It seems now Audi and Mercedes models are also coming with this unique transmission.
Dual-clutch transmissions are actually two automated manual transmissions, each with its own clutch (but no clutch pedal for the driver to operate). The advantages of a dual-clutch transmission are that they can provide faster, smoother gear changes, and better fuel economy and performance compared to conventional automatics. That, at least, is what manufacturers such as Volkswagen, Porsche, Ford and others say their DCTs will deliver.
How they work is that one transmission contains the odd-numbered gears (1, 3, 5) and the other has the even-numbered gears. While one transmission is shifting into 3rd gear, for example, the other is already engaging 4th gear, so shifts are supposed to be quicker and less noticeable.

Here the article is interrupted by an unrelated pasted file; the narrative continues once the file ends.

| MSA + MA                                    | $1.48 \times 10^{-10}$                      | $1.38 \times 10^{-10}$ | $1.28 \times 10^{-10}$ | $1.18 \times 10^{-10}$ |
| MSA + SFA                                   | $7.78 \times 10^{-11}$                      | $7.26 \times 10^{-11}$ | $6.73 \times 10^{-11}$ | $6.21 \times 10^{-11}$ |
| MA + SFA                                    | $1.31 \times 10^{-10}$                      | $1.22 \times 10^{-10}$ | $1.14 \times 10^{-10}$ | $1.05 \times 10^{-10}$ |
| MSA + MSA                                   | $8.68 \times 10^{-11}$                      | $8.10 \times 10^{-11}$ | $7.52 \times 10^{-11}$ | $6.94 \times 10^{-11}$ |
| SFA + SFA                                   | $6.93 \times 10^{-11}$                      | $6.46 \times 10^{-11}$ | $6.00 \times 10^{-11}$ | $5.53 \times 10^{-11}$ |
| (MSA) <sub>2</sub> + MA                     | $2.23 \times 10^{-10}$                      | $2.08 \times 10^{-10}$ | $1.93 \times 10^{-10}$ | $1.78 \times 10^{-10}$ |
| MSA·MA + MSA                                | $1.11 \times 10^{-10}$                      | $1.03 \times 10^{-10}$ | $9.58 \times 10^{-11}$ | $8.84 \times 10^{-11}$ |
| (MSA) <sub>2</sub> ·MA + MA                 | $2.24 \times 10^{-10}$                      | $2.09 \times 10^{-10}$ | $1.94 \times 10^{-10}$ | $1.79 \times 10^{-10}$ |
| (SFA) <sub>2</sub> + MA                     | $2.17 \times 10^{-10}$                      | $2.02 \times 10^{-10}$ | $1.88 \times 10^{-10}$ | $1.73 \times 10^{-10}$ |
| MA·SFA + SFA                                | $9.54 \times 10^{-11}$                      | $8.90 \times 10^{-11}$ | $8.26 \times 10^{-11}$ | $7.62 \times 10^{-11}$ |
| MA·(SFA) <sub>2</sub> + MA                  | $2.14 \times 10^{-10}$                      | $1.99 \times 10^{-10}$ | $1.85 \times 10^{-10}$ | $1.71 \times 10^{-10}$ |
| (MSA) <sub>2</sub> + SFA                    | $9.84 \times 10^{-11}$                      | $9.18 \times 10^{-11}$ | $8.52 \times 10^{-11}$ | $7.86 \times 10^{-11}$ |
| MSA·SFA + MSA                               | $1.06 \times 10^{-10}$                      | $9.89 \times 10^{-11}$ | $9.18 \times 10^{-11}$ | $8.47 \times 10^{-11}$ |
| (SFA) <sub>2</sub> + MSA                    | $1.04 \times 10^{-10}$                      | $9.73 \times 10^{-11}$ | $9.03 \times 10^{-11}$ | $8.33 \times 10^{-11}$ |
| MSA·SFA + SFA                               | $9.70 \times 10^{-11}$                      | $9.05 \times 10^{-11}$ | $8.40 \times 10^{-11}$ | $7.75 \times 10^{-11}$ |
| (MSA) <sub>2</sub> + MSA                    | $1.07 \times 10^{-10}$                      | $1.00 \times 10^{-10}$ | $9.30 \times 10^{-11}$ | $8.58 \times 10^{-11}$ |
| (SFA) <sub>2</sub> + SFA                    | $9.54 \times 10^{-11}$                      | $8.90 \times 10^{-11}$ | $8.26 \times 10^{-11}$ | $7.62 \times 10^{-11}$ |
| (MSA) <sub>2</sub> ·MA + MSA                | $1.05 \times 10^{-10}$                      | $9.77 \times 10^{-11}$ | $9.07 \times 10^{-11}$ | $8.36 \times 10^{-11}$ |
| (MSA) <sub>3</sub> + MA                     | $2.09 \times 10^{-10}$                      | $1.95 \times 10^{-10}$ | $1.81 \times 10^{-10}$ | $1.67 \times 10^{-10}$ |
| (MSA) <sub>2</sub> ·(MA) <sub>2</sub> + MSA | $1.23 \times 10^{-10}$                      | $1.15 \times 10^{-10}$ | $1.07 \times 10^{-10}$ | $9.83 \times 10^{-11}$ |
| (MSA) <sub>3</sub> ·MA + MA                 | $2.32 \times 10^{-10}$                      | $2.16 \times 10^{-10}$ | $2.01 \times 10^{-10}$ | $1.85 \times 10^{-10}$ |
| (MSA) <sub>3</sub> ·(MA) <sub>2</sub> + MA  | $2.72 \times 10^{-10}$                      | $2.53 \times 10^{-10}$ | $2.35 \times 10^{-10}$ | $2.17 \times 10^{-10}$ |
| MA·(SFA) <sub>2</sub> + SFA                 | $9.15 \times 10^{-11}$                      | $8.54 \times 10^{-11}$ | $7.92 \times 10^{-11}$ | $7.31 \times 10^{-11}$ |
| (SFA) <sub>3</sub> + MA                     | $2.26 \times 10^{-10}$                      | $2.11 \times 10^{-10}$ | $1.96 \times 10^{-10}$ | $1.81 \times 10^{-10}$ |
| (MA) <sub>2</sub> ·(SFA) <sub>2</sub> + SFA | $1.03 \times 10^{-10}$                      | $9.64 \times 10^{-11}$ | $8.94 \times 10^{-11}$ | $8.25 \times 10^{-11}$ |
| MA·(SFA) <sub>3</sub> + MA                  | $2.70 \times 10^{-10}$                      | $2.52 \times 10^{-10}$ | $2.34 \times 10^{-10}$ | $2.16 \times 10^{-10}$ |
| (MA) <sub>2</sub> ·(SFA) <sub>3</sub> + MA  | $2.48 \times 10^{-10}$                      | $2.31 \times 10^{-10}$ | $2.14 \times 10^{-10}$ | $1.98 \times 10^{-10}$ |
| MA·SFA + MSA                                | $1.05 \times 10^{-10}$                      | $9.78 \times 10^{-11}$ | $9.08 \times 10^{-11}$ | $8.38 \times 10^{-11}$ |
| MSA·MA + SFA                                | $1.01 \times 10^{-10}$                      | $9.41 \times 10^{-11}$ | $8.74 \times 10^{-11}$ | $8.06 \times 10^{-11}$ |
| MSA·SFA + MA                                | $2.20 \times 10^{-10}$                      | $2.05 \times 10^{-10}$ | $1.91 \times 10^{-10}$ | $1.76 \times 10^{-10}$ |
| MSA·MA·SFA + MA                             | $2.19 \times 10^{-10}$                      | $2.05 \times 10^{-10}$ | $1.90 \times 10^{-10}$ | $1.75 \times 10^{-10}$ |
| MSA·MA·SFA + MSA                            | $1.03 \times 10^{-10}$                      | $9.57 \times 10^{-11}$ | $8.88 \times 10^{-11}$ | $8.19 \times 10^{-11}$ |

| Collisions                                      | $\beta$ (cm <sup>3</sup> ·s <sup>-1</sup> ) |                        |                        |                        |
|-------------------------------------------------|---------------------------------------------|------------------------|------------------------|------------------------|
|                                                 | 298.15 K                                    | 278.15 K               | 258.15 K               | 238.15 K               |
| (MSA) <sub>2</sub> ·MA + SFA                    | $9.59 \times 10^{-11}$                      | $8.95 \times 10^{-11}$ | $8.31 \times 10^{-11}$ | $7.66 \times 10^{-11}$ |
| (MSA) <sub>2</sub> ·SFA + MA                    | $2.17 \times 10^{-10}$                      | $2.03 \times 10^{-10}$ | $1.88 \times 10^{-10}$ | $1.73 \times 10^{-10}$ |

In practice, however, DCTs don't always deliver on that promise.
For example, the Ford Fiesta's dual-clutch transmission proved jerky and slow to react to the throttle in our test, which you can read here. In our review of a VW Golf TDI, the six-speed dual-clutch transmission hurried into the higher gears but was leisurely about downshifting.
Are they really better? We sure didn't find them a clear leap ahead of conventional automatics in the two cases cited above. In some cars, they are smooth and responsive, but in others not so much.
Our advice is to try before you buy to see whether a DCT will suit your driving style. Don't be intimidated by the salesperson sitting next to you on the test drive. Slow down and speed up several times to get a good feel for transmission behavior. You should floor the throttle a few times from low speeds and at higher speeds to see how the transmission reacts as well as seeing how it behaves with a light throttle foot.
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